One of the many reasons COVID-19 was as devastating as it was for the economy was due to the fact that no one saw it coming. Yet in hindsight — which is always 20/20 — there were some clues about the impact any airborne disease would have on supply chains. That's why it's important to pay attention to your business environment, advised Supply Chain Dive. From labor issues to logistical constraints to inventory shortages, being cognizant of production trends and how they're affecting your business can help you make the proper adjustments to reverse those trends.

Problem identification is central to supply chain management.Problem identification is central to supply chain management.

2. Identify the source of the issue
If the products you sell require multiple sole sources, then you may not know which sole source lies at the root of the problems you're experiencing. You can make the identification process easier by creating a database that keeps track of all your sole-source suppliers, Supply Chain Dive further recommended. Doing so will not only help you establish the extent of the problem you're experiencing, but whether it originates with a sole source or a single source supplier. If the latter is true, it may be worthwhile to seek out a new partner.

3. Incentivize performance by communicating your expectations
Mutual interest is the key to any business-sole source relationship. But when it comes to delivering on your high expectations, you may need to make productivity more of a priority for the supplier. If you can, find out what motivates your vendor. Discovering their goals and what inspires them to perform can inspire teamwork, planning and implementation of the strategies that ensure execution.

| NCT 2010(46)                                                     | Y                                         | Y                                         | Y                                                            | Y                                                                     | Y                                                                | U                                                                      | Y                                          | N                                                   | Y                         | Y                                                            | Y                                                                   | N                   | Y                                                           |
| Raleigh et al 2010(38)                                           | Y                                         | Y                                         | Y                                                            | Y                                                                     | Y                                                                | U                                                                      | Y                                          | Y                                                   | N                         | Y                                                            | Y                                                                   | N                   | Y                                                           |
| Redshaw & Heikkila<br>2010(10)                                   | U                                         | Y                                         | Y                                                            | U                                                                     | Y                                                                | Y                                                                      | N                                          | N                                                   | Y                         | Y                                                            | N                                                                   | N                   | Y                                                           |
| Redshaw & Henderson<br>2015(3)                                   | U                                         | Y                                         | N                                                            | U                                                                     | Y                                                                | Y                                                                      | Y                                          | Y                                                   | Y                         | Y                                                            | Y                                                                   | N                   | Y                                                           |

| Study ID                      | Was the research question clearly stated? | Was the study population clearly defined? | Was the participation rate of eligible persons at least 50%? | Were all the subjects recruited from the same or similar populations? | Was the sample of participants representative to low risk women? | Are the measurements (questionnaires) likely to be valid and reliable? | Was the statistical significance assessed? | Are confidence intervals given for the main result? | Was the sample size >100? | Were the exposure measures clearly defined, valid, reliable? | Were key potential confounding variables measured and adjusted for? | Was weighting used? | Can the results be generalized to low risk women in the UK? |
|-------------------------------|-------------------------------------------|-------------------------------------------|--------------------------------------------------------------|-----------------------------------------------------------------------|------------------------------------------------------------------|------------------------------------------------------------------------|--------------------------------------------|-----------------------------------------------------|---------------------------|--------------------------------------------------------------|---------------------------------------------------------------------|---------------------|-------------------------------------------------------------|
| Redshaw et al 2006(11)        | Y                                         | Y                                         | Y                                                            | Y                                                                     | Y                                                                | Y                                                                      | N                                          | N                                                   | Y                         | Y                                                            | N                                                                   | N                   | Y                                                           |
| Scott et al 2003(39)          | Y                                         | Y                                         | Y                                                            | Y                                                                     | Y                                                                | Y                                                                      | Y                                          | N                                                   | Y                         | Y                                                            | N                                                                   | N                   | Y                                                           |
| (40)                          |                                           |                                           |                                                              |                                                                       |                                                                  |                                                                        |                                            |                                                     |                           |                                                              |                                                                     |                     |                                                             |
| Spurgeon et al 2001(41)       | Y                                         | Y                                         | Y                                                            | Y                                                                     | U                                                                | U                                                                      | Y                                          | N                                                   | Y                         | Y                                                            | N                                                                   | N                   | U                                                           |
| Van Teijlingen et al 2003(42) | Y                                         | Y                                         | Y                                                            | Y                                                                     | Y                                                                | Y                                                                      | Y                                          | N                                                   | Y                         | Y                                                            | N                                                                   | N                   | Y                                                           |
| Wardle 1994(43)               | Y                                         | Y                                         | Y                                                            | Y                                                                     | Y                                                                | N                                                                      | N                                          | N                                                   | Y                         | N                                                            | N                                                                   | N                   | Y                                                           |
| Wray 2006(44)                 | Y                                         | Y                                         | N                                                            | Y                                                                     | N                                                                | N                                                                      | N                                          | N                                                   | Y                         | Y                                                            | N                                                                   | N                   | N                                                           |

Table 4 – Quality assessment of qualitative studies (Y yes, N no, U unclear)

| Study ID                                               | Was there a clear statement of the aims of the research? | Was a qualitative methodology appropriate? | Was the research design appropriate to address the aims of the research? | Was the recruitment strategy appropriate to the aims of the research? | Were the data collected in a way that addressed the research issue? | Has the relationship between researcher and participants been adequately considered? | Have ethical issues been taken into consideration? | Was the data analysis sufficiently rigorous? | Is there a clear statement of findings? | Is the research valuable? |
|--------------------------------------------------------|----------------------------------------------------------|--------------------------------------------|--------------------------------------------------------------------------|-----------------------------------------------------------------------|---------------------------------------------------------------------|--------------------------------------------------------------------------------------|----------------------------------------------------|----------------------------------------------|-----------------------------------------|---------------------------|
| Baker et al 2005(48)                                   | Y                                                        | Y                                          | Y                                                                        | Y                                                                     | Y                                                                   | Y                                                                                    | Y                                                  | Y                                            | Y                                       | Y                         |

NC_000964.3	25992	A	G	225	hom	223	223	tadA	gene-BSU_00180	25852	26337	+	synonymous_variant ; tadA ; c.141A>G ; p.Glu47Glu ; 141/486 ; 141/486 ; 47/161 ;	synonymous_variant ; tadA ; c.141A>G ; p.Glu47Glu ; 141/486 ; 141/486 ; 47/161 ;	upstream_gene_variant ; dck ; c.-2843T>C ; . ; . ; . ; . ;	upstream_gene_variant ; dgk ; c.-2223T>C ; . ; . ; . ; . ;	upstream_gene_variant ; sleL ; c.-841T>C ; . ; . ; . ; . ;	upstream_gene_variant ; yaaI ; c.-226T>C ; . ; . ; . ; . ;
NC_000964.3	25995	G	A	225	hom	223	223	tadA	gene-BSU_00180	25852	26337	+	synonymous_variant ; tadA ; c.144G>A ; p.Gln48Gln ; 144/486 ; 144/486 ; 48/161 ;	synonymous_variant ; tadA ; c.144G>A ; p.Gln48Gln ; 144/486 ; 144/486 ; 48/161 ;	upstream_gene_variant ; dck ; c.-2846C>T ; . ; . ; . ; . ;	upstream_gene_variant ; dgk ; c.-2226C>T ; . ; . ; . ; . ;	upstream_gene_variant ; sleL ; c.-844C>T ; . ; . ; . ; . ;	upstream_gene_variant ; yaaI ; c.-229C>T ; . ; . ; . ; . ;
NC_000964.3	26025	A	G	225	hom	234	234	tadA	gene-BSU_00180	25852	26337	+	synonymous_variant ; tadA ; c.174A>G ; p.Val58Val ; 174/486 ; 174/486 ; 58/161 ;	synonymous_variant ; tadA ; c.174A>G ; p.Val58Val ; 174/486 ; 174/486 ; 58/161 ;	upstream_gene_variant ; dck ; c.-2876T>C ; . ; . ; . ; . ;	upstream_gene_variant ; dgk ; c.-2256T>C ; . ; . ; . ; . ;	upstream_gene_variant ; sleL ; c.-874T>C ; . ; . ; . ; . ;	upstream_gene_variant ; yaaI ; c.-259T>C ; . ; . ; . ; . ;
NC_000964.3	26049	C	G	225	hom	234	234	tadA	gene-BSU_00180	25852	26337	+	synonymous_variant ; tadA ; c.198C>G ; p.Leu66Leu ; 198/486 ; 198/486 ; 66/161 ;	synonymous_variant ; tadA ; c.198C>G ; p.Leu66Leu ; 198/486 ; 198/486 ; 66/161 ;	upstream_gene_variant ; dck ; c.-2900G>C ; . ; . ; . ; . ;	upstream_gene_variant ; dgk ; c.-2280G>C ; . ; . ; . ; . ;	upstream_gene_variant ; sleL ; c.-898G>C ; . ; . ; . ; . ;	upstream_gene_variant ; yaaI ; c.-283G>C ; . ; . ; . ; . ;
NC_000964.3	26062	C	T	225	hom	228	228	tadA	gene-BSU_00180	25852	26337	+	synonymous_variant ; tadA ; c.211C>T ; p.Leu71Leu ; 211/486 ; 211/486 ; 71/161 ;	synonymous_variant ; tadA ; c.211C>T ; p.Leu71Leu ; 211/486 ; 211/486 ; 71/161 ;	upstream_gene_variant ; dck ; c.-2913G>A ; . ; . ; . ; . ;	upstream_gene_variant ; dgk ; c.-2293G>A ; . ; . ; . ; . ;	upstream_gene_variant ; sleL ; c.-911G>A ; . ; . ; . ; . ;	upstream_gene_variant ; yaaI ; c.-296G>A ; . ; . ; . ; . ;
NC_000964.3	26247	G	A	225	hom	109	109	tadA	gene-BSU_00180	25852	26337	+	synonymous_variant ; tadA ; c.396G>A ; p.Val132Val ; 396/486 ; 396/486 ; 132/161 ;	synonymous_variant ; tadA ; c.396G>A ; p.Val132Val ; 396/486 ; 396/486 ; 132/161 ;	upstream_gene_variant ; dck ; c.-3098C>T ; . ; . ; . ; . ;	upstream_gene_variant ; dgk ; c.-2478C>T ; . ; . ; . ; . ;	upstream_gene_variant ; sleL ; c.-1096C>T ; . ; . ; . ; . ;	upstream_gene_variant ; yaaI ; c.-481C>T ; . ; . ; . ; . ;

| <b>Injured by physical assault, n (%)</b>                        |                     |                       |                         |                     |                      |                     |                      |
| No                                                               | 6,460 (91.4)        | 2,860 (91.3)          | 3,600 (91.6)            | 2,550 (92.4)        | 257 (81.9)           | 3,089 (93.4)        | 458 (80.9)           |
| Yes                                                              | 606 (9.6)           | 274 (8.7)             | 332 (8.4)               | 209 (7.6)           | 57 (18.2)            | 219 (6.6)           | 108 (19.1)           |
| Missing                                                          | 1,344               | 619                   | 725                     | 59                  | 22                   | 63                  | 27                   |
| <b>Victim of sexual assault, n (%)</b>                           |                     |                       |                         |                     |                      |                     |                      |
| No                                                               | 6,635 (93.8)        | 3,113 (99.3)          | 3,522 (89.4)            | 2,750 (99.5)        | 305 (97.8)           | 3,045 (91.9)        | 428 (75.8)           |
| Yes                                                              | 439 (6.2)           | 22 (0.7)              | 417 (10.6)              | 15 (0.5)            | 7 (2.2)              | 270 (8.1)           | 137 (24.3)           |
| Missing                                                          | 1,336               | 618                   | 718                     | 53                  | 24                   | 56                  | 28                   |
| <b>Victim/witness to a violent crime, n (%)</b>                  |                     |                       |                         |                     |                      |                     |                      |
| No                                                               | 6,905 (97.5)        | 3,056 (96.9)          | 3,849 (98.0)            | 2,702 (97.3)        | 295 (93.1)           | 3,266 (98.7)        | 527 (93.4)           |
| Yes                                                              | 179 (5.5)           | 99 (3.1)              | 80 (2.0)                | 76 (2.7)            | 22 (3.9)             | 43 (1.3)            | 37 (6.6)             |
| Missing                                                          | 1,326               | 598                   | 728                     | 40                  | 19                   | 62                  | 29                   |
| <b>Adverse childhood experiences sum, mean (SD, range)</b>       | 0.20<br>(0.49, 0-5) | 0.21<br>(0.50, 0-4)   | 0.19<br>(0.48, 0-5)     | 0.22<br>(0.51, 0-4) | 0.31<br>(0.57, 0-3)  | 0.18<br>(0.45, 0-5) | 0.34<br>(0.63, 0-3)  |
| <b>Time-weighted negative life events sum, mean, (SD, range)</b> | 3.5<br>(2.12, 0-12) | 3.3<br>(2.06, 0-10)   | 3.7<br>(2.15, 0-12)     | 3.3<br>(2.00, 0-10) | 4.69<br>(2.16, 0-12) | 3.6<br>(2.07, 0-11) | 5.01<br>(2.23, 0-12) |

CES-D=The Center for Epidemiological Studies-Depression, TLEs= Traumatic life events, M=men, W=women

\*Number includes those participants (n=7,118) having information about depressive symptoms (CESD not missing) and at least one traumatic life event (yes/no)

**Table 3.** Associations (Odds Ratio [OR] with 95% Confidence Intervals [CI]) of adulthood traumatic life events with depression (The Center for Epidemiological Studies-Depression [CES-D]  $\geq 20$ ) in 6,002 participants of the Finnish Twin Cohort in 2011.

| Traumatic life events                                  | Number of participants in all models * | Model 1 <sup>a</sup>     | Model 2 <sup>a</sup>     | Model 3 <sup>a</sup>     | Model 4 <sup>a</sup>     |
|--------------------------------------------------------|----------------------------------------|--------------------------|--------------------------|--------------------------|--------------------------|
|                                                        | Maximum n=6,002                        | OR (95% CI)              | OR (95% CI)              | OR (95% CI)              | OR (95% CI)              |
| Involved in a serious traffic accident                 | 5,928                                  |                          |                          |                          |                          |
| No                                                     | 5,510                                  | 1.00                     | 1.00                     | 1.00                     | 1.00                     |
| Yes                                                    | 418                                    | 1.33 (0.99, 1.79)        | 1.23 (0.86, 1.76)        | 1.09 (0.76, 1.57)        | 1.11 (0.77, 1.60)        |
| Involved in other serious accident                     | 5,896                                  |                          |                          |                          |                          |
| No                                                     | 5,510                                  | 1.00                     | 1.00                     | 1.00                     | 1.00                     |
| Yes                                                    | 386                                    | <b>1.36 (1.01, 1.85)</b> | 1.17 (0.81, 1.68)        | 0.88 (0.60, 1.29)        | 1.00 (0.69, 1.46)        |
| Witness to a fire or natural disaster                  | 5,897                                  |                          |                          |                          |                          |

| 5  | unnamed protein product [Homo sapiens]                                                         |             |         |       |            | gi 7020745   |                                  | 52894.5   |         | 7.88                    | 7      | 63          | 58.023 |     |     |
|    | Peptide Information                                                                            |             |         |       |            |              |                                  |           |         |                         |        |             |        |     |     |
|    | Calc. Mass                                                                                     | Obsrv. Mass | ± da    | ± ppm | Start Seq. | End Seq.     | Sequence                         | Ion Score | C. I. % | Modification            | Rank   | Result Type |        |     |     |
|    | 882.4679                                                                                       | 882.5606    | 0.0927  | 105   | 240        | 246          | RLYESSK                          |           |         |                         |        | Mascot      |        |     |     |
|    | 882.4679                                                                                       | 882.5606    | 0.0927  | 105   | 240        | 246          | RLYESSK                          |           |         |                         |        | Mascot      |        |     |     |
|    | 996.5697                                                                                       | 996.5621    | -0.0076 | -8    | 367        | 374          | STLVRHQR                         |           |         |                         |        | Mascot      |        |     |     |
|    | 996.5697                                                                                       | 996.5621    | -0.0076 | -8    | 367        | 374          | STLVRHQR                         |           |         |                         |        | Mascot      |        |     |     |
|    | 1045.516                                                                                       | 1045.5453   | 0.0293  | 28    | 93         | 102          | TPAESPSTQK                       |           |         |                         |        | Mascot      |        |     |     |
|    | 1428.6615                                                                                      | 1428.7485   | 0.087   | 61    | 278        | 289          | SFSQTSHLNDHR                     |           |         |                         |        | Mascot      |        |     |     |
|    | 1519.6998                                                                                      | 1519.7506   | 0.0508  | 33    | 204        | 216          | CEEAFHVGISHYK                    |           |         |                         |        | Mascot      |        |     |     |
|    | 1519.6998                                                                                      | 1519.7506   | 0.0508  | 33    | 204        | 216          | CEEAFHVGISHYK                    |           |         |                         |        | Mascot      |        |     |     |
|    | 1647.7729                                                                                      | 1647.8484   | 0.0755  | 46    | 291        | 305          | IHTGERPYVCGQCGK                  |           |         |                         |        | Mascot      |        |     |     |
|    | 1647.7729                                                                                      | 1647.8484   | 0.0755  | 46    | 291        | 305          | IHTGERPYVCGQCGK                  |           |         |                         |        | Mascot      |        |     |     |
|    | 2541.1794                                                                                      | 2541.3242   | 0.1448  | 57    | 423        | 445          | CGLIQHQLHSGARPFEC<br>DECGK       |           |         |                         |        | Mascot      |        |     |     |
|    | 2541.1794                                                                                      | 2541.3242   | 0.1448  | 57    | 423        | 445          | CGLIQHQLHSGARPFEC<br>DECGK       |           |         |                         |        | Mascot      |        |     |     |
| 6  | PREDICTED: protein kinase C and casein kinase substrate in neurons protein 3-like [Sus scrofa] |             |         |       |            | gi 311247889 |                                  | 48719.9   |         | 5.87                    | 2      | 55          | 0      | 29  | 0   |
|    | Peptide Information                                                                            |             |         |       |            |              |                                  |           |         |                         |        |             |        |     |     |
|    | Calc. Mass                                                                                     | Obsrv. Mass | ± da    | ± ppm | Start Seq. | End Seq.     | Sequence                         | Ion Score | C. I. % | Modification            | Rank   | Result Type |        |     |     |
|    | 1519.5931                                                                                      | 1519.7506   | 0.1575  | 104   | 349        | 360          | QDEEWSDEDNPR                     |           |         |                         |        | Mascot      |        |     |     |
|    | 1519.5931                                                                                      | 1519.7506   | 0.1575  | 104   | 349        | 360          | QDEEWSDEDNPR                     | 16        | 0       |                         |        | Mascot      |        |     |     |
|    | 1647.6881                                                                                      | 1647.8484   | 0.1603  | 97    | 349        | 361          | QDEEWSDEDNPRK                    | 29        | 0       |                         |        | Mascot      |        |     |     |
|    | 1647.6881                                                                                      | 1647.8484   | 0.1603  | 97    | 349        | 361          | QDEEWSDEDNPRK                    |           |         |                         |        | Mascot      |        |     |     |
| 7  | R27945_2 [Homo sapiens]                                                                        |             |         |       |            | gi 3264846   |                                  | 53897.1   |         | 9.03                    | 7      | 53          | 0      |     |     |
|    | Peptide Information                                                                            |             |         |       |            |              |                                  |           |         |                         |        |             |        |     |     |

4. Move away from sole sourcing
Depending on your industry, it may be impossible to entire avoid sole sourcing, but if you're interested in selling or making new products for purchase, avoid those that are sole source dependent. Given the all or nothing nature of sole sourcing, the risks may outweigh the benefits.

5. Reconsider just-in-time inventory
As many manufacturers can attest, just-in-time inventory has been touted in recent years as a preferable — and more profitable — supply chain management option. But it proved to be a mistake in the wake of COVID-19, of which the global supply chain continues to feel the consequences. Shoring up your inventory — buying more than you need — can give you sufficient cover if your sole source supplier goes offline.

In mid-October, President Joe Biden stated from the White House the Port of Los Angeles would become a 24/7 operation until further notice, remaining open at all hours of the day and night. This decision — which the president called a "game changer" — was aimed at reducing the volume of containers and ships seeking to offload cargo at one of the nation's busiest ports.

Close to a month after making that announcement, the backlog there seems to be dwindling, but perhaps not at the speed the administration — nor anyone else, for that matter — would like. As a result, the Port of Los Angeles is slated to hand out fines to shipping companies that are dragging their feet. So far, that policy seems to be having its intended effect.

As reported by the Los Angeles Times, ocean carrier companies whose containers are taking too long to be removed from terminals will be hit with a fine. Set to go into effect on Nov. 15, the cost of these fines will depend on how long containers have been there. Currently, businesses have six days to clear the area, but if it goes beyond that, the charge will be doubled for every additional day that it takes. For example, one day will cost them $100, two days is $200, three days is $400, and on from there. The Port of Long Beach will be adopting this same rule.

Shipping containers are slowly but surely dwindling at California's main ports.Shipping containers are slowly but surely dwindling at California's main ports.

Congestion is easing